Saying that a programmer’s job is not to write code is disingenuous. It’s like saying that a construction worker’s job is not to build a house, but to make sure that the customer has a warm place to sleep. This is wrong. The decision has already been made. The worker WAS hired to build a house.
As usual, Jeff, your opinions reflect the environment you work in, and the type of software you make. I refer you to Joel’s “Five Kinds of Software”.
Not all software has users in the normal sense of the word. Many programs are not desktop or web applications. Who is the user of a router’s software? A car’s computer? An automatic fruit sorting machine’s software? Who are the users of a bank’s HUGE software base? The customers? The tellers? Maybe OTHER pieces of software are the users?
Much of the software in the world does not interact with people at all. And when it does, those people have almost no control over it, no more than they can control the airplane they are traveling on (and even the pilots only have SOME control over an aircraft’s software).
It is quite common for many programmers to be unable to easily explain what they are doing, since their job is the guts of software, and they work with abstract ideas. This is especially true if you work in the kind of software place where the software is extremely complicated, requiring dozens of programmers and many layers of abstraction.
It is also common in places where the person buying the product doesn’t really know or care there’s software inside (like a router).
“Customer: What are you working on?
Programmer: I’m building a lock-free linked list implementation”.
“Customer: Huh!? what does that even mean? I’m paying you to build me a request processing server”
…10 to 20 minutes of explanations later (assuming the programmer is REALLY REALLY good at explaining complex, abstract ideas to laypeople):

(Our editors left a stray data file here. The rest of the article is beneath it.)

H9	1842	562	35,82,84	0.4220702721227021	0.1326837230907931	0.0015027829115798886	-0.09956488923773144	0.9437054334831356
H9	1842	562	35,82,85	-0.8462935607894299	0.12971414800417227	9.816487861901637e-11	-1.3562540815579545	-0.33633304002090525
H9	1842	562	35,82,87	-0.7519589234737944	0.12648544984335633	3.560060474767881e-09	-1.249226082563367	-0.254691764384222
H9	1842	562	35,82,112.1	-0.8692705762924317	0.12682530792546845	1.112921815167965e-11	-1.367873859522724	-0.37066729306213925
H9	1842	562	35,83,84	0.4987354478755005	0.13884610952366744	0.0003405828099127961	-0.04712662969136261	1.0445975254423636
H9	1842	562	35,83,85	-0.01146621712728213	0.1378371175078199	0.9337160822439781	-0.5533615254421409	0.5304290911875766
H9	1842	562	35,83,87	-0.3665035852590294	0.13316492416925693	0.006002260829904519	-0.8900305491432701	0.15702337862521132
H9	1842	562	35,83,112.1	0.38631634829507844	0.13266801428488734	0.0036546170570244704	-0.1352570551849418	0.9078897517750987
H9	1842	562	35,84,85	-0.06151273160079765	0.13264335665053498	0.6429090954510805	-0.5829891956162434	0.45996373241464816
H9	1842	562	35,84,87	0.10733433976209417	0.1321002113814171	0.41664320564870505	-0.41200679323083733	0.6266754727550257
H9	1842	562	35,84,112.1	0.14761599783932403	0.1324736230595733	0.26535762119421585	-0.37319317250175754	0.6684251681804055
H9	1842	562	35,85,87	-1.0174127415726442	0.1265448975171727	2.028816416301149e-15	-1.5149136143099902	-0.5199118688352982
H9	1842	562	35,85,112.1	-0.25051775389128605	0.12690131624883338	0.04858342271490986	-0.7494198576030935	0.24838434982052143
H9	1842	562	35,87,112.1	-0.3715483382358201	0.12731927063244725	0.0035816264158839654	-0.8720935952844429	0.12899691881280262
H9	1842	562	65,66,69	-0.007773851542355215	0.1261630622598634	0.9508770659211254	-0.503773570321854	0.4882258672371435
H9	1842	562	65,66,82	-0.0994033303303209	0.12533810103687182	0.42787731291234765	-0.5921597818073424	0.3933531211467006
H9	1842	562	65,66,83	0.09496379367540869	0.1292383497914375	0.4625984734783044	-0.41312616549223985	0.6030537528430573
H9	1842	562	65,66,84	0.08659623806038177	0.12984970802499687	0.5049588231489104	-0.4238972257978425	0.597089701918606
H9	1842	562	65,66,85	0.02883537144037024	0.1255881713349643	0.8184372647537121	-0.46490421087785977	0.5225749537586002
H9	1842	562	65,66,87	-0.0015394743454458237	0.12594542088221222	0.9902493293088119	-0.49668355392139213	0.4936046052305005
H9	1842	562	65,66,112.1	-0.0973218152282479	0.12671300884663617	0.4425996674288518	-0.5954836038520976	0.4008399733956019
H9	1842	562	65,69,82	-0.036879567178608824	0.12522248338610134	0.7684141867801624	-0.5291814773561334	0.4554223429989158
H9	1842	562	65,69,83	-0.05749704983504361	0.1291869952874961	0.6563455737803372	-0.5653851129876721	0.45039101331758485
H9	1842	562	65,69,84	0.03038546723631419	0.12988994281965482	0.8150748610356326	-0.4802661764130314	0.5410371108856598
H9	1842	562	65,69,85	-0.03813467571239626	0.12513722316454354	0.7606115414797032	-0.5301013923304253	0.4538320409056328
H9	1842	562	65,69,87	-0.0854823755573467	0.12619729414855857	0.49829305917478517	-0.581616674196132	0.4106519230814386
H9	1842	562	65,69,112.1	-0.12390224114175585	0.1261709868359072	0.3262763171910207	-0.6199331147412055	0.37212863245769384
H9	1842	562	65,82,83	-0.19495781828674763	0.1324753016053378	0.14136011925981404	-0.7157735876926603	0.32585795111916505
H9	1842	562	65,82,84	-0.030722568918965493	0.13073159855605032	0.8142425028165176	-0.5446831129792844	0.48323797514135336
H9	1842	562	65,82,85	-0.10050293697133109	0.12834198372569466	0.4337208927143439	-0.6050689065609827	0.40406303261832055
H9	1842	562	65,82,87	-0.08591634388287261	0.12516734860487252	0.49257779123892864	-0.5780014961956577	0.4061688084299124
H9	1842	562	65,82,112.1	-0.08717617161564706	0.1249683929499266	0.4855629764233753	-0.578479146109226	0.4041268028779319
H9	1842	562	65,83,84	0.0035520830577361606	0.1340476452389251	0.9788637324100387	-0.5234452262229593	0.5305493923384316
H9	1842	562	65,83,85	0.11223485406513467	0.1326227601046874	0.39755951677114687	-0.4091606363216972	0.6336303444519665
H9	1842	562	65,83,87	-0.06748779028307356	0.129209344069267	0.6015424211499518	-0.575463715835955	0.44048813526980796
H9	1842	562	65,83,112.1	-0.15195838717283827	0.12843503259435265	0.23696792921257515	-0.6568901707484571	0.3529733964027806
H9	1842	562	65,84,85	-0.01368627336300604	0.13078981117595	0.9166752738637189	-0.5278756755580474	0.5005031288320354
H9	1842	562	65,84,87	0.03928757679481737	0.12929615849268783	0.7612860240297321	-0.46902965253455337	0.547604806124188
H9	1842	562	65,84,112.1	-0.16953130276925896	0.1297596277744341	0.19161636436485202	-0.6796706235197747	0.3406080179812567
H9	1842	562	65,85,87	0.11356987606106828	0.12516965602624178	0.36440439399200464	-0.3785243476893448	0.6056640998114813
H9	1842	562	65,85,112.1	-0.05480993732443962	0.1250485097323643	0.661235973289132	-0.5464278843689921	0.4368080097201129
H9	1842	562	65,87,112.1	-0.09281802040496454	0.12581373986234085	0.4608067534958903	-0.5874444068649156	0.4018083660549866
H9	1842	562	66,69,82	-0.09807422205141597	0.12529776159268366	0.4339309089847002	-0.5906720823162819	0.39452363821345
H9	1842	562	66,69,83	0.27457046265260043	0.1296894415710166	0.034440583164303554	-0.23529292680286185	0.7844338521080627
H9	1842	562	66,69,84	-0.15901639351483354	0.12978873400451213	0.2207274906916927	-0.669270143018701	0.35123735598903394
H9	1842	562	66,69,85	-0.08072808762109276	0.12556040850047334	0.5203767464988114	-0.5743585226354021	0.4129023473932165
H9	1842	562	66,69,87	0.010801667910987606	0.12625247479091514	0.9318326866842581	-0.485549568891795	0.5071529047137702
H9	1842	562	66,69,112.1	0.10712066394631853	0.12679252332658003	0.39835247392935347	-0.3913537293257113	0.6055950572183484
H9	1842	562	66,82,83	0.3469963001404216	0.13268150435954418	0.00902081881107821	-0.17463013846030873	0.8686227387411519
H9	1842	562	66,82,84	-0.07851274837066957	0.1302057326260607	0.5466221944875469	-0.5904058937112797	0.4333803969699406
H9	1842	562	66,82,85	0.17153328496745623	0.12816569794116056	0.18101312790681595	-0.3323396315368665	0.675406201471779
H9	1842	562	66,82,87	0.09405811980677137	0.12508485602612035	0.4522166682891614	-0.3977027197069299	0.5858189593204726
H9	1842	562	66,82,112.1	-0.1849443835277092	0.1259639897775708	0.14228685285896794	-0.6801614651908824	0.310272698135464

“Customer: So how will that even help me?”
“Programmer: Your server will be able to function well enough when the expected 1000 people will work on it”.
This is of course an imaginary conversation. Not one customer in 50 will agree to be subjected to such a complex explanation. Nor should they.
I don’t care WHY my auto mechanic needs to replace the flux capacitor coils. Tell me what was wrong with the car, and if it’s complicated, it doesn’t matter. Just make it work, and tell me how much it costs (this assumes I trust my auto mechanic, but in the world of software, we generally do trust the programmers).
This is also why customers and programmers are sometimes separated, and communicate through special channels (like analysts, requirements, a customer’s representative, etc…).
I do agree that it’s very important for developers to know WHAT they are working on, and why, and all that jazz. I just don’t think it’s that important for those reasons.
Finally, the BEST technologies are sometimes excellent communicators, but not all of us are Peter Norvig. Many amazingly excellent technologists and developers are in fact quite poor communicators (at least to non-technical people). However, since they make software and generally need to communicate to technical people, that’s not a real problem.